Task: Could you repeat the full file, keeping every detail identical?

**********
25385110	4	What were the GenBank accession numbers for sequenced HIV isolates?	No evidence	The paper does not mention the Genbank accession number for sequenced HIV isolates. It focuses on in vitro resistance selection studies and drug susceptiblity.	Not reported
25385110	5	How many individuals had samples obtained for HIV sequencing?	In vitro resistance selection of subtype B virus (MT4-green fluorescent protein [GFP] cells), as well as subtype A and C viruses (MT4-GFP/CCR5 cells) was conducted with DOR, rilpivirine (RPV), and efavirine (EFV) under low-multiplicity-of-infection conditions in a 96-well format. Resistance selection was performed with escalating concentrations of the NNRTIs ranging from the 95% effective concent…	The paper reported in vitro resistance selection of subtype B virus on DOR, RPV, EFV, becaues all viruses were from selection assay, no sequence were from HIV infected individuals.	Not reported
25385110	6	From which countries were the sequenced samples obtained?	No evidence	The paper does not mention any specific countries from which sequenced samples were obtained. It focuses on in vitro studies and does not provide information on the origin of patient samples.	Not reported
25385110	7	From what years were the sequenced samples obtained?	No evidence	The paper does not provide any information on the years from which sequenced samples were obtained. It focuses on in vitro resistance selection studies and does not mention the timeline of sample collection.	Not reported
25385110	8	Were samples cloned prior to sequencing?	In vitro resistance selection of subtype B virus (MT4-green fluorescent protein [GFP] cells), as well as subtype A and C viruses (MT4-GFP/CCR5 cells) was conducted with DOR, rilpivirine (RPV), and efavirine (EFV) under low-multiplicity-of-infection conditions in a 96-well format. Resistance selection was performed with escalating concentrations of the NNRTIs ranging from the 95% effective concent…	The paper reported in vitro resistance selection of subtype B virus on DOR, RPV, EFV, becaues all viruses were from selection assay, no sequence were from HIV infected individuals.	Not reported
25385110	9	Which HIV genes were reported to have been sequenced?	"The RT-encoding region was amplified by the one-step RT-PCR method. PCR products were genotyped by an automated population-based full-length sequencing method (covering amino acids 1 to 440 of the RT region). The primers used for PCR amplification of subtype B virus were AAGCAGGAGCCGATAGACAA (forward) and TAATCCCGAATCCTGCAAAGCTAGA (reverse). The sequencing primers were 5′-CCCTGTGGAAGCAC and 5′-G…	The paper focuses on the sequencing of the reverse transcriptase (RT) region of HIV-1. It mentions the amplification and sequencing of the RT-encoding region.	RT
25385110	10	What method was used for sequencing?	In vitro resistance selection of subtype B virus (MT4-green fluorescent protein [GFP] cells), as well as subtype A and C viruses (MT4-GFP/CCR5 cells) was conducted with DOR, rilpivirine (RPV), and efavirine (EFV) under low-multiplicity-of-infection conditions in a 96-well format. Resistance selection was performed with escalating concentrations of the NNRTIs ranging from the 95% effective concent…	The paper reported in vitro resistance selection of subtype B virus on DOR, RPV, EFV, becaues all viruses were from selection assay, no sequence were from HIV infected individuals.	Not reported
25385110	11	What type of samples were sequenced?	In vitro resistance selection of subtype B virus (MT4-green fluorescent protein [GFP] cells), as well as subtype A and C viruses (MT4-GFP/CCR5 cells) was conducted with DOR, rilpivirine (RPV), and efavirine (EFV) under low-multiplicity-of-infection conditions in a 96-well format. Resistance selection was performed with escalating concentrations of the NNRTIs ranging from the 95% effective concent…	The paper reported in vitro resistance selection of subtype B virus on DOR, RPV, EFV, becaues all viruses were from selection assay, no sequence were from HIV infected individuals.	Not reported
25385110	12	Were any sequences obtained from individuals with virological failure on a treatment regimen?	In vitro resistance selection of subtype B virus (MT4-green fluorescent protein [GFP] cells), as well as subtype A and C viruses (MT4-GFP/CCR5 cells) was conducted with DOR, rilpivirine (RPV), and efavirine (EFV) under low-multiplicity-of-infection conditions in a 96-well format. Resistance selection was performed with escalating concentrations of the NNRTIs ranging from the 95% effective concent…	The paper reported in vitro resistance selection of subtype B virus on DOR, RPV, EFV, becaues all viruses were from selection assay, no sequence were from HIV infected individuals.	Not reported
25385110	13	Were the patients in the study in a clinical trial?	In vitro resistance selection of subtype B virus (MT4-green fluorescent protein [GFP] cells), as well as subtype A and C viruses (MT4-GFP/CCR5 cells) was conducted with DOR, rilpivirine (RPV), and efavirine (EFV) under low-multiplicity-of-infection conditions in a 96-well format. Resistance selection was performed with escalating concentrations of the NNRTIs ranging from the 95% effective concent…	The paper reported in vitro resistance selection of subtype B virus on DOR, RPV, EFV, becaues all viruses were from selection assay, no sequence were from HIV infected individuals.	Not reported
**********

25385110	4	What were the GenBank accession numbers for sequenced HIV isolates?	No evidence	The paper does not mention the Genbank accession number for sequenced HIV isolates. It focuses on in vitro resistance selection studies and drug susceptiblity.	Not reported
25385110	5	How many individuals had samples obtained for HIV sequencing?	In vitro resistance selection of subtype B virus (MT4-green fluorescent protein [GFP] cells), as well as subtype A and C viruses (MT4-GFP/CCR5 cells) was conducted with DOR, rilpivirine (RPV), and efavirine (EFV) under low-multiplicity-of-infection conditions in a 96-well format. Resistance selection was performed with escalating concentrations of the NNRTIs ranging from the 95% effective concent…	The paper reported in vitro resistance selection of subtype B virus on DOR, RPV, EFV, becaues all viruses were from selection assay, no sequence were from HIV infected individuals.	Not reported
25385110	6	From which countries were the sequenced samples obtained?	No evidence	The paper does not mention any specific countries from which sequenced samples were obtained. It focuses on in vitro studies and does not provide information on the origin of patient samples.	Not reported
25385110	7	From what years were the sequenced samples obtained?	No evidence	The paper does not provide any information on the years from which sequenced samples were obtained. It focuses on in vitro resistance selection studies and does not mention the timeline of sample collection.	Not reported
25385110	8	Were samples cloned prior to sequencing?	In vitro resistance selection of subtype B virus (MT4-green fluorescent protein [GFP] cells), as well as subtype A and C viruses (MT4-GFP/CCR5 cells) was conducted with DOR, rilpivirine (RPV), and efavirine (EFV) under low-multiplicity-of-infection conditions in a 96-well format. Resistance selection was performed with escalating concentrations of the NNRTIs ranging from the 95% effective concent…	The paper reported in vitro resistance selection of subtype B virus on DOR, RPV, EFV, becaues all viruses were from selection assay, no sequence were from HIV infected individuals.	Not reported
25385110	9	Which HIV genes were reported to have been sequenced?	"The RT-encoding region was amplified by the one-step RT-PCR method. PCR products were genotyped by an automated population-based full-length sequencing method (covering amino acids 1 to 440 of the RT region). The primers used for PCR amplification of subtype B virus were AAGCAGGAGCCGATAGACAA (forward) and TAATCCCGAATCCTGCAAAGCTAGA (reverse). The sequencing primers were 5′-CCCTGTGGAAGCAC and 5′-G…	The paper focuses on the sequencing of the reverse transcriptase (RT) region of HIV-1. It mentions the amplification and sequencing of the RT-encoding region.	RT
25385110	10	What method was used for sequencing?	In vitro resistance selection of subtype B virus (MT4-green fluorescent protein [GFP] cells), as well as subtype A and C viruses (MT4-GFP/CCR5 cells) was conducted with DOR, rilpivirine (RPV), and efavirine (EFV) under low-multiplicity-of-infection conditions in a 96-well format. Resistance selection was performed with escalating concentrations of the NNRTIs ranging from the 95% effective concent…	The paper reported in vitro resistance selection of subtype B virus on DOR, RPV, EFV, becaues all viruses were from selection assay, no sequence were from HIV infected individuals.	Not reported
25385110	11	What type of samples were sequenced?	In vitro resistance selection of subtype B virus (MT4-green fluorescent protein [GFP] cells), as well as subtype A and C viruses (MT4-GFP/CCR5 cells) was conducted with DOR, rilpivirine (RPV), and efavirine (EFV) under low-multiplicity-of-infection conditions in a 96-well format. Resistance selection was performed with escalating concentrations of the NNRTIs ranging from the 95% effective concent…	The paper reported in vitro resistance selection of subtype B virus on DOR, RPV, EFV, becaues all viruses were from selection assay, no sequence were from HIV infected individuals.	Not reported
25385110	12	Were any sequences obtained from individuals with virological failure on a treatment regimen?	In vitro resistance selection of subtype B virus (MT4-green fluorescent protein [GFP] cells), as well as subtype A and C viruses (MT4-GFP/CCR5 cells) was conducted with DOR, rilpivirine (RPV), and efavirine (EFV) under low-multiplicity-of-infection conditions in a 96-well format. Resistance selection was performed with escalating concentrations of the NNRTIs ranging from the 95% effective concent…	The paper reported in vitro resistance selection of subtype B virus on DOR, RPV, EFV, becaues all viruses were from selection assay, no sequence were from HIV infected individuals.	Not reported
25385110	13	Were the patients in the study in a clinical trial?	In vitro resistance selection of subtype B virus (MT4-green fluorescent protein [GFP] cells), as well as subtype A and C viruses (MT4-GFP/CCR5 cells) was conducted with DOR, rilpivirine (RPV), and efavirine (EFV) under low-multiplicity-of-infection conditions in a 96-well format. Resistance selection was performed with escalating concentrations of the NNRTIs ranging from the 95% effective concent…	The paper reported in vitro resistance selection of subtype B virus on DOR, RPV, EFV, becaues all viruses were from selection assay, no sequence were from HIV infected individuals.	Not reported